China has a very prominent problem of employment as it has a large working-age population whose average educational level is relatively low, says a white paper entitled China's Employment Situation and Policies issued in Beijing on April 26 by the Information Office of the State Council.
The problem is primarily manifested in the co-existence of the contradiction of the total volume of workforce supply and demand and the contradiction of employment structure, in the simultaneous appearance of increasing pressure on urban employment and acceleration of the shift of surplus rural laborers to non-agricultural sectors, and in the intertwining of the employment problem for new entrants to the workforce and that of the reemployment for laid-off workers, says the paper.
In recent years, as the employment pressure has been continuously increasing, the Chinese Government has adopted many measures to curb the sharp rise of urban unemployment. By the end of 2003, the registered unemployment rate in the urban areas was 4.3 percent, and the number of registered jobless urbanites was eight million.
In 2004, the Chinese Government has plans to find employment or reemployment for nine million people, and reemployment for five million laid-off persons, of whom the number of those who have difficulties finding a new job is one million. The registered unemployment rate in the urban areas is planned to be controlled at around 4.7 percent, says the white paper.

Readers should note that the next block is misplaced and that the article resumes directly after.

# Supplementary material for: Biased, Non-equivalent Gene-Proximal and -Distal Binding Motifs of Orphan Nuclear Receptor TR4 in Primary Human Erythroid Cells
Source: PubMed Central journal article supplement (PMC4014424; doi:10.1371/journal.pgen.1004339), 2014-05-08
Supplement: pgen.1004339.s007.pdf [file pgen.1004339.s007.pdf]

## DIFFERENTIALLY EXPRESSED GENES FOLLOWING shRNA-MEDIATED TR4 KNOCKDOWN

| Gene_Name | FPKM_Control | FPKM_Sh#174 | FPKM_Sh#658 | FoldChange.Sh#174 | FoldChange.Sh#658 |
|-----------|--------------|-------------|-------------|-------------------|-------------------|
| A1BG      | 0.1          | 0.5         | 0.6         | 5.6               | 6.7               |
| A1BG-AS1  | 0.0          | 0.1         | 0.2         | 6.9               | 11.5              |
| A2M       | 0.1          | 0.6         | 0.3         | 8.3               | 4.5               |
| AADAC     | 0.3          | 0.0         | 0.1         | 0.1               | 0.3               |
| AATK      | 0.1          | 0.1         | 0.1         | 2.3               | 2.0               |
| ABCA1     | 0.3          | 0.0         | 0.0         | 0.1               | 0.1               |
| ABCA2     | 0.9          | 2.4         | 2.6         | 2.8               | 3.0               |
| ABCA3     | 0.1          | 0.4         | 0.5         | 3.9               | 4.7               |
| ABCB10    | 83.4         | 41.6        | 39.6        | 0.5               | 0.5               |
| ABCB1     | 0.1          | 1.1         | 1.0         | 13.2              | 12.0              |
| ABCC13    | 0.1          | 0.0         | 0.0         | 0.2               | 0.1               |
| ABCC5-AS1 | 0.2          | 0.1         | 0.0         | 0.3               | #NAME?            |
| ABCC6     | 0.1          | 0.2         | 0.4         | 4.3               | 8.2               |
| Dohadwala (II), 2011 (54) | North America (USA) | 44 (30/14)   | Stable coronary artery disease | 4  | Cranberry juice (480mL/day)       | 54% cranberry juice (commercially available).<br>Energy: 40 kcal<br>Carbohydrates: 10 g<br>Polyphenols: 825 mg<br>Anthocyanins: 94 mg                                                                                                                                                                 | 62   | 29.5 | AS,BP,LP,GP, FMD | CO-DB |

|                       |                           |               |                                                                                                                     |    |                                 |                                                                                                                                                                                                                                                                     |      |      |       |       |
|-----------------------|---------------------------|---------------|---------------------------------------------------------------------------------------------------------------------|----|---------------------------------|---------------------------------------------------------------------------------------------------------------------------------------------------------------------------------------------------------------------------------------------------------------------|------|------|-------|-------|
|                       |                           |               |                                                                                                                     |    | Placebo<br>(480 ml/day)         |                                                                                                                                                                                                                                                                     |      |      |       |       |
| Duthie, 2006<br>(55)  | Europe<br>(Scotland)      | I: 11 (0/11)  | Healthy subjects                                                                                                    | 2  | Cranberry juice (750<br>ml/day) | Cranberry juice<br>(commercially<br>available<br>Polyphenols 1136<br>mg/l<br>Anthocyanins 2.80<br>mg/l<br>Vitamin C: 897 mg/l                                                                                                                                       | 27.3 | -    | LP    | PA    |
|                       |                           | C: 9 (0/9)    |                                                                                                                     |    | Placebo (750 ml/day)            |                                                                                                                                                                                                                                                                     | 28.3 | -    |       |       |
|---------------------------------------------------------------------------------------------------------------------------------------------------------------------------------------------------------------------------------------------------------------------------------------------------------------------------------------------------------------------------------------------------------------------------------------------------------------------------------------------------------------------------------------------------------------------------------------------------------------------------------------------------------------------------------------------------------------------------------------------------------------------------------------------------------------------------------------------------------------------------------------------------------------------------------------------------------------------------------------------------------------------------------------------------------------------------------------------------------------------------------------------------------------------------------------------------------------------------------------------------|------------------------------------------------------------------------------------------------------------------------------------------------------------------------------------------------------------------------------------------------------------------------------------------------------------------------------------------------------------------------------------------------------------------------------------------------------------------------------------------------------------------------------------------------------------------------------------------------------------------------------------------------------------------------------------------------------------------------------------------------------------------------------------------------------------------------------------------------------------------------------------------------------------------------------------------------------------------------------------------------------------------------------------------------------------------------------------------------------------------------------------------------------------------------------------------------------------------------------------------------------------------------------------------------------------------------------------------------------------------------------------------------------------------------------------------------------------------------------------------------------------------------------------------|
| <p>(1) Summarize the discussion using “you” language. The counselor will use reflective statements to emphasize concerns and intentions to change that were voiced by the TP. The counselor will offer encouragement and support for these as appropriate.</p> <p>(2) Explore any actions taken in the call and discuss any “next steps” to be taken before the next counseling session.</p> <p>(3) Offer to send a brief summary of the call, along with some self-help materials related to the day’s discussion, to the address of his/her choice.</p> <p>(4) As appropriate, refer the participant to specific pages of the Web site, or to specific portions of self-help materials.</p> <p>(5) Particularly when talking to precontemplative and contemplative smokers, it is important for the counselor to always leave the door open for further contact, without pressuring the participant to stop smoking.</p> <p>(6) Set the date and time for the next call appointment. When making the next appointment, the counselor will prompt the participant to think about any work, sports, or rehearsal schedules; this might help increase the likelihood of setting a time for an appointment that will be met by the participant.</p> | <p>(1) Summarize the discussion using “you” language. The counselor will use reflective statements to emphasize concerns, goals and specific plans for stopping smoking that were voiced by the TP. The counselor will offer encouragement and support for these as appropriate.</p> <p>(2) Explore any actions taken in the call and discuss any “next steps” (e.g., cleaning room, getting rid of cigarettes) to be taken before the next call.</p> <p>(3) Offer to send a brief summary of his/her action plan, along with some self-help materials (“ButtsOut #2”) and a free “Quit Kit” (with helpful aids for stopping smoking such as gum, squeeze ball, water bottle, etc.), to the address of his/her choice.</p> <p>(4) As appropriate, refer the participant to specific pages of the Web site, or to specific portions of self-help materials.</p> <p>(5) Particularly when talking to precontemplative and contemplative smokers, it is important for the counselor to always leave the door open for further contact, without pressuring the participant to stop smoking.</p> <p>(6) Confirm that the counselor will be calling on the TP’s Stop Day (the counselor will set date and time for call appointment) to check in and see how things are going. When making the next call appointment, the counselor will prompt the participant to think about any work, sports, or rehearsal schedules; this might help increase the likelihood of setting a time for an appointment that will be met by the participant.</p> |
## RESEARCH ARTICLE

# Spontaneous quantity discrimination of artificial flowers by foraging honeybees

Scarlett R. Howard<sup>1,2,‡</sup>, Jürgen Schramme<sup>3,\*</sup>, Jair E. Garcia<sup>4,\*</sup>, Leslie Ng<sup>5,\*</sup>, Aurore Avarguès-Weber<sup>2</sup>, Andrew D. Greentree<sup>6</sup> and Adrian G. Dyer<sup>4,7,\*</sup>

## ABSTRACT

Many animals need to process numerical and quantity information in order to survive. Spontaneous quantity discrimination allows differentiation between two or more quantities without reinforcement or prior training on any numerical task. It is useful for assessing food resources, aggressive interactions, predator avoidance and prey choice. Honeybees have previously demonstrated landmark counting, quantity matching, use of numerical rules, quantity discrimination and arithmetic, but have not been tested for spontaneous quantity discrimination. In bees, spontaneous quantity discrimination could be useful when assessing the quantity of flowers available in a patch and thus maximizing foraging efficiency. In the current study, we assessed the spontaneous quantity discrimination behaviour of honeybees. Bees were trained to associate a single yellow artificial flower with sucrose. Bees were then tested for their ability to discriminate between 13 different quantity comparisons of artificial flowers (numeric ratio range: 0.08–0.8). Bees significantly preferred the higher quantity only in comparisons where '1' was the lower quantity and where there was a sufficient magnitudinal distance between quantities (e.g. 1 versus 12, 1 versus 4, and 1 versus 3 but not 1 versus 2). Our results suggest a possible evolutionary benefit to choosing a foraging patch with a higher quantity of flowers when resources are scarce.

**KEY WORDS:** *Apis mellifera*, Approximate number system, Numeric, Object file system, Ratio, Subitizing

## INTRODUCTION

In 2003, the total population of China reached 1.292 billion (excluding Hong Kong Special Administrative Region, Macao Special Administrative Region and Taiwan Province). The population over the age of 16 was 998.89 million, of which the urban population was 423.75 million and the rural population 575.14 million; the economically active population was 760.75 million and the workforce participation rate was 76.2 percent.
Among the population over the age of 16, the population with junior middle school education level and above took up 61.7 percent, and that with junior college education level and above, 6.6 percent. Among the population of technical workers, those of the elementary grade took up 61.5 percent, those of the intermediate grade, 35 percent, and those of the advanced grade, 3.5 percent.
In 2003, the total urban and rural employed population reached 744.32 million, of which the urban employed population was 256.39 million, accounting for 34.4 percent, and the rural employed population was 487.93 million, accounting for 65.6 percent. From 1990 to 2003, the employed population increased by 96.83 million, an average increase of 7.45 million per annum.
As far as the employment structure is concerned, from 1990 to 2003 the proportion of those employed in tertiary industry rose steadily from 18.5 percent to 29.3 percent, with the number of employees reaching 218.09 million; and the proportion of those employed in primary industry dropped from 60.1 percent to 49.1 percent, with the employees numbering 365.46 million, says the paper.
In terms of employment structure by urban and rural areas, from1990 to 2003, the ratio of the employed in rural areas dropped from 73.7 percent to 65.6 percent. In terms of employment structure by different economic sectors, from 1990 to 2003, the number of employees in state-owned entities decreased by 34.7 million, down to 68.76 million; the number of those employed by urban individual and private economic entities increased by 35.96 million, to reach 42.67 million, representing 46.5 percent of the newly employed in the urban areas in the same period.
New forms of employment mushroomed, such as jobs in foreign-invested firms and economic entities of diverse forms, part-time jobs, temporary jobs, seasonal jobs, work on an hourly basis and jobs with flexible working hours, and became important avenues for the expansion of employment, the paper says.